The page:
Film, Reviews, Star Wars

STAR WARS EPISODE IX: THE RISE OF SKYWALKER is the expected, soulless capstone of a four decade saga (Film Review)

If you were looking for the perfect film to put a capstone on the 2010’s, Star Wars Episode IX: The Rise of Skywalker arguably would be it.

Even with the blockbuster heavyweight of Avengers: Endgame concluding the first ten years of the Marvel Cinematic Universe, TROS—as we’ll call it for ease—was the most anticipated cinematic event of the year, given it doesn’t just serve as the third part of a trilogy but also the concluding chapter of a nine-part, four decade spanning saga within easily the biggest film franchise in movie history. This is about as epic as franchise filmmaking gets. Though Star Wars, the jewel in Disney’s all-dominating media crown, will of course continue into the 2020’s, this marks the end of the Skywalker Saga with which George Lucas changed the landscape of movie-making more than perhaps any director in the 20th century. The final conclusion to a story we thought had definitively ended twice before.

Going into The Rise of Skywalker, you may experience cautious optimism. Rian Johnson delivered a defiantly auteur-driven, insular examination of the core mystical and philosophical themes within Star Wars with 2017’s trilogy middle-part The Last Jedi, going in brave new directions from 2015’s vibrant trilogy opener The Force Awakens, in which JJ Abrams revived the franchise with a verve that spoke to Lucas’ original, Saturday adventure serial vision. With Abrams back at the helm, following the departure of original director Colin Trevorrow, there was every reason to believe TROS would recapture TFA’s spirit and top off Star Wars with a fulsome flourish. You may leave The Rise of Skywalker somewhat perplexed that that didn’t happen. That, in fact, Abrams has delivered the weakest Star Wars film since, quite possibly, fetid prequel Attack of the Clones.

For a myriad amount of reasons, The Rise of Skywalker feels like an argument, on screen, for why going into the next decade we need to rethink how we approach franchise filmmaking. It doesn’t just feel like a culmination of indulgent cinematic excess but a cautionary bulwark against it.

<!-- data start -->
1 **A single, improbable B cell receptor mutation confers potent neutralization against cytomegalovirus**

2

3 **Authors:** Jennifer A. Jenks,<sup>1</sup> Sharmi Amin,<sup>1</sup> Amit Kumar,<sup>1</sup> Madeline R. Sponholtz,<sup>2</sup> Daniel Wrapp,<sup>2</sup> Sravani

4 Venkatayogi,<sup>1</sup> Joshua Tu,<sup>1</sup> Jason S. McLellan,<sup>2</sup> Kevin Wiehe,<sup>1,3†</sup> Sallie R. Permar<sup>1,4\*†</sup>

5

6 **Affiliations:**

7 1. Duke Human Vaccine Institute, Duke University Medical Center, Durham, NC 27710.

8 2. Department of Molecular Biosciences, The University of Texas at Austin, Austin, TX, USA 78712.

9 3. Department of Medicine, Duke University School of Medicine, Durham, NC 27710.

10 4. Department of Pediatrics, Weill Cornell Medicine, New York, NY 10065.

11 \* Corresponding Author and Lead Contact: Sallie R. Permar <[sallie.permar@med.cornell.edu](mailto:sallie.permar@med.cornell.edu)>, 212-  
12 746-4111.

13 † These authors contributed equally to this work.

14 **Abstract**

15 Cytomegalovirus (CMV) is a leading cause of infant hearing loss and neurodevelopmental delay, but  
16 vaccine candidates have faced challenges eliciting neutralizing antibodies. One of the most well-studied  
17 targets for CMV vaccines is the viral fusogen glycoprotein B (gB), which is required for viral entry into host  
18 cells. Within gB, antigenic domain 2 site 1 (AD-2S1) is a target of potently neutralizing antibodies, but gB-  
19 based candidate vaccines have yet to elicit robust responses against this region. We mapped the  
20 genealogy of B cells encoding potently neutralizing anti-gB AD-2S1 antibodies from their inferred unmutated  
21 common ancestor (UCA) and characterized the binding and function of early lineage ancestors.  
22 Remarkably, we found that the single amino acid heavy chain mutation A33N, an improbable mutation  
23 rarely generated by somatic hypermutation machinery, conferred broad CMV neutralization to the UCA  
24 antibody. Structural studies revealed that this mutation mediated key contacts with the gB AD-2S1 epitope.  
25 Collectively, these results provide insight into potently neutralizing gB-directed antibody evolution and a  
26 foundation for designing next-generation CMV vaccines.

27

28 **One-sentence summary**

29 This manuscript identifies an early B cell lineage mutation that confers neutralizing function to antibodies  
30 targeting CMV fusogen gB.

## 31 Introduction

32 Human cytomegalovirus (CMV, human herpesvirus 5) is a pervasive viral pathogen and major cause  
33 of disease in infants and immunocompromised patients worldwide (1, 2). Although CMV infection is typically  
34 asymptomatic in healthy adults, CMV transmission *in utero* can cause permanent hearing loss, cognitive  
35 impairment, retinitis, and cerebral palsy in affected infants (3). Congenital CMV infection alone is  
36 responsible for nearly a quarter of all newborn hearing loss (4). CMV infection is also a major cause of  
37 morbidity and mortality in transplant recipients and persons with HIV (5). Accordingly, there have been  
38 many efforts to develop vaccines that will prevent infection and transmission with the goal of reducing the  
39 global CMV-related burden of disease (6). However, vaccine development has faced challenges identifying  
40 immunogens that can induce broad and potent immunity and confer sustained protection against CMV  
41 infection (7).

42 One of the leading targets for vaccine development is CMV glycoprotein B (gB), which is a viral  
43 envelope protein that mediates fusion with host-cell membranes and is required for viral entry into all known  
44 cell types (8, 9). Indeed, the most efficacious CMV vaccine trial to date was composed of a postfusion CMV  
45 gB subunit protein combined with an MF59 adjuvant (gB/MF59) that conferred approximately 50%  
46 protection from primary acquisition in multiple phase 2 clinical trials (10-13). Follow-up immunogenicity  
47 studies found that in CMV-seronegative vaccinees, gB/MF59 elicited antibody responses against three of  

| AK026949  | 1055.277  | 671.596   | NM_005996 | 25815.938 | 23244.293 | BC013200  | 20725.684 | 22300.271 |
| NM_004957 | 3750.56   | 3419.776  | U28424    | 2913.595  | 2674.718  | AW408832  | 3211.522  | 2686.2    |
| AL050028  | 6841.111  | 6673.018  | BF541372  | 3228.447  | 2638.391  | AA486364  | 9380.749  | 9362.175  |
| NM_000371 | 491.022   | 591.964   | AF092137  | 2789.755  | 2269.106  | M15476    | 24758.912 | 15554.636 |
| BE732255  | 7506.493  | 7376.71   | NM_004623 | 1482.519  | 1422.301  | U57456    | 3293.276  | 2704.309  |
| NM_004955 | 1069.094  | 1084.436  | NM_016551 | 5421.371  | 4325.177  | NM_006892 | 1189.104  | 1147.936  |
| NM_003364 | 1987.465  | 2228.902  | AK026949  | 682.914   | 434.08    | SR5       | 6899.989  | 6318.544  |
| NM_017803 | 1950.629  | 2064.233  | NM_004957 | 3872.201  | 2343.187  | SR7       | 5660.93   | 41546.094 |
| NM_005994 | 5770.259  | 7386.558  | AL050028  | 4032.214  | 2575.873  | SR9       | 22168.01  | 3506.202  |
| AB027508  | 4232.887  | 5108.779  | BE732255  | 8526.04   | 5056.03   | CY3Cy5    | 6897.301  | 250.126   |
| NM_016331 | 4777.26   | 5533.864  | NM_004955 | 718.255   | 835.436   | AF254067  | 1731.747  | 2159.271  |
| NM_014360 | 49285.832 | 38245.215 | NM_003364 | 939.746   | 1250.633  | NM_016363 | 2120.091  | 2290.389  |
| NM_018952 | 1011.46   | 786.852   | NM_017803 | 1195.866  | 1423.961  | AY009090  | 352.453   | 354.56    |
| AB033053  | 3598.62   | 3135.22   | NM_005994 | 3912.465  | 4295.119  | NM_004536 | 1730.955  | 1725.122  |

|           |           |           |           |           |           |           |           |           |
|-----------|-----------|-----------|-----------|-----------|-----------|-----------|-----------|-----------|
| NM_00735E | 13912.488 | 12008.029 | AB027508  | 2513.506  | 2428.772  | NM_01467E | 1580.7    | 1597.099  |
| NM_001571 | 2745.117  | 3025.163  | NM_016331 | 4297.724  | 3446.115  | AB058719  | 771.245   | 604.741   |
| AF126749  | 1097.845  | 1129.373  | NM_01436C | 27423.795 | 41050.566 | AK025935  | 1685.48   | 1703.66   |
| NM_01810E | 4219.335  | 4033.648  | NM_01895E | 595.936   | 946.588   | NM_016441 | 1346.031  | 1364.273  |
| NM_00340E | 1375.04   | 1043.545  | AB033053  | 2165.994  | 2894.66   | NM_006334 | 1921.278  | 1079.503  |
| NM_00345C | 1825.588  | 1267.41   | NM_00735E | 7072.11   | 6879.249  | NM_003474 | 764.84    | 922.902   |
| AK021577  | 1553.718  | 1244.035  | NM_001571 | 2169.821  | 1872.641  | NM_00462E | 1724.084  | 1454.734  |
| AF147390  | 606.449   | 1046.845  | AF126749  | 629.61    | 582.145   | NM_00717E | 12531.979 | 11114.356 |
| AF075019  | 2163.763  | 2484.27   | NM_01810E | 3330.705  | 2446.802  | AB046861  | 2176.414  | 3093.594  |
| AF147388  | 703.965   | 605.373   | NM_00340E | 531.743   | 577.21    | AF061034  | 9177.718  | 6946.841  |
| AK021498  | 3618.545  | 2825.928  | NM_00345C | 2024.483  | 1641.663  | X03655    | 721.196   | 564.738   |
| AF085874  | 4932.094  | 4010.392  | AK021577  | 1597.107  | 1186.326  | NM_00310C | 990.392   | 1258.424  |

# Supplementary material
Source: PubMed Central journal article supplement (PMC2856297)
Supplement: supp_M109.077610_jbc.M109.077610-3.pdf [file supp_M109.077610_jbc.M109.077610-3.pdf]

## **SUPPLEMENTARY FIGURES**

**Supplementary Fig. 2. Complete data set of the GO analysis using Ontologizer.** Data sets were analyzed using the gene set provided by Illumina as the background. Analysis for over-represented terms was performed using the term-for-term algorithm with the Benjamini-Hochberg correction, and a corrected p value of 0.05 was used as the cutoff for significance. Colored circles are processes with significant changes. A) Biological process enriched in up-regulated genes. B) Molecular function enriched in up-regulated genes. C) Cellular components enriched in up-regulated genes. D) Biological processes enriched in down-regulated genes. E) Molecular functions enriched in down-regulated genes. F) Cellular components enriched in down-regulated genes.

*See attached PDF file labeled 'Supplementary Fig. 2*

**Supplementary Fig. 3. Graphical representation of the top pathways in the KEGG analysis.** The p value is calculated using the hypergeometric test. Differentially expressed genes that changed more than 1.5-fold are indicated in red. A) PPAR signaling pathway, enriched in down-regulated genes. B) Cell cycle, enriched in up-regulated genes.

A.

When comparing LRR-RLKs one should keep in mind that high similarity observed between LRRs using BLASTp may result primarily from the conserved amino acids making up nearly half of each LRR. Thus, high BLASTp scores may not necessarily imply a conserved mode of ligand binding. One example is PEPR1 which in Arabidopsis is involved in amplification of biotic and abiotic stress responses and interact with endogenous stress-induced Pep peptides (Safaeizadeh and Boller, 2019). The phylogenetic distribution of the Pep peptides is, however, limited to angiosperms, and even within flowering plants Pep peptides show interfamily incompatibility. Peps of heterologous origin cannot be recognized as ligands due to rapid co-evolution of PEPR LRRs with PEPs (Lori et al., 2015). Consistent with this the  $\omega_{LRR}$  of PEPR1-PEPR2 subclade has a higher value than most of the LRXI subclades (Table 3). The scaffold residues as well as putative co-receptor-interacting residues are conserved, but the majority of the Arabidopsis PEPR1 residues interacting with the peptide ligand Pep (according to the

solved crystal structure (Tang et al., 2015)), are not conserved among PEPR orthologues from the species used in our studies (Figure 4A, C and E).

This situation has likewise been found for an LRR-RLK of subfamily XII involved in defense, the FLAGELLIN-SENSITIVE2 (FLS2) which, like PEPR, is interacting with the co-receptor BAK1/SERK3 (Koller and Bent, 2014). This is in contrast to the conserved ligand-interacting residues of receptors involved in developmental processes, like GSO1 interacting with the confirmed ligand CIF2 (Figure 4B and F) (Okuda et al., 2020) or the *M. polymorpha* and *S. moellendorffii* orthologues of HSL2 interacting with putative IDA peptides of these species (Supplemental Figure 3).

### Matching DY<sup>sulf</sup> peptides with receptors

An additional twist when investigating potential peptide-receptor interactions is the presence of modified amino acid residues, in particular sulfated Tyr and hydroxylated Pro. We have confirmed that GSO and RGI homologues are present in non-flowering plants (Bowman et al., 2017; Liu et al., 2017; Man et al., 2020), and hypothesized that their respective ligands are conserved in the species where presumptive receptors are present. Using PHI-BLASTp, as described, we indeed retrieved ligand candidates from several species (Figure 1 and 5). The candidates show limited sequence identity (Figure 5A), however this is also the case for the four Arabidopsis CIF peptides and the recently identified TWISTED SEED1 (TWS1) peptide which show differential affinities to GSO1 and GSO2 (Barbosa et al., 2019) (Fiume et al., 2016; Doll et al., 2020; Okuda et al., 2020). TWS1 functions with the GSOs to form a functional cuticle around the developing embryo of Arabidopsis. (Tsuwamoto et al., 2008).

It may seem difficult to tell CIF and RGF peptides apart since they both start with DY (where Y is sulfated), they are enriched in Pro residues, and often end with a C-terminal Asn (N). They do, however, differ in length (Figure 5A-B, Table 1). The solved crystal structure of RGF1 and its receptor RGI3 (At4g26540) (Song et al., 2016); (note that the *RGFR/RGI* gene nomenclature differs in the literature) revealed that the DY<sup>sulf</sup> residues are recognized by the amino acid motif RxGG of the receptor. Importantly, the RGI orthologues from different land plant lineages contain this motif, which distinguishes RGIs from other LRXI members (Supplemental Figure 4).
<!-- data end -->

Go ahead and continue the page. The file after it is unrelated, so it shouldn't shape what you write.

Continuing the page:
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Film, Reviews, Stephen King

DOCTOR SLEEP is a Kubrickian xerox with soul and dark beauty (Film Review)

If it’s accepted fact that Stephen King hated Stanley Kubrick’s adaptation of The Shining, one suspects Kubrick would have hated Mike Flanagan’s adaptation of Doctor Sleep.

Primarily because Flanagan (celebrated in the horror community in recent years for projects such as Hush, Oculus & The Haunting of Hill House) doesn’t just put King’s 2013 sequel on the big screen, he actively works to continue the story from Kubrick’s cinematic version, which King has always attested is less faithful to his 1977 novel than the Mick Garris-directed TV mini-series from the 1990’s.

It does feel like King is wishful thinking about a lot of this, though, if you’ve read The Shining. Kubrick added a few of his own touches and flourishes but he sticks close to the plot, and often lifts dialogue from the book. Flanagan does the same here but the singular difference is that Kubrick wasn’t actively aping a director before him. Kubrick was innovating with The Shining. Flanagan is xeroxing. Intentionally, without a doubt, but he’s xeroxing nonetheless as he works to thematically and visually connect Doctor Sleep to the iconic 1980 horror film.

This ultimately works both to the advantage and the detriment of Doctor Sleep as a movie in its own right.

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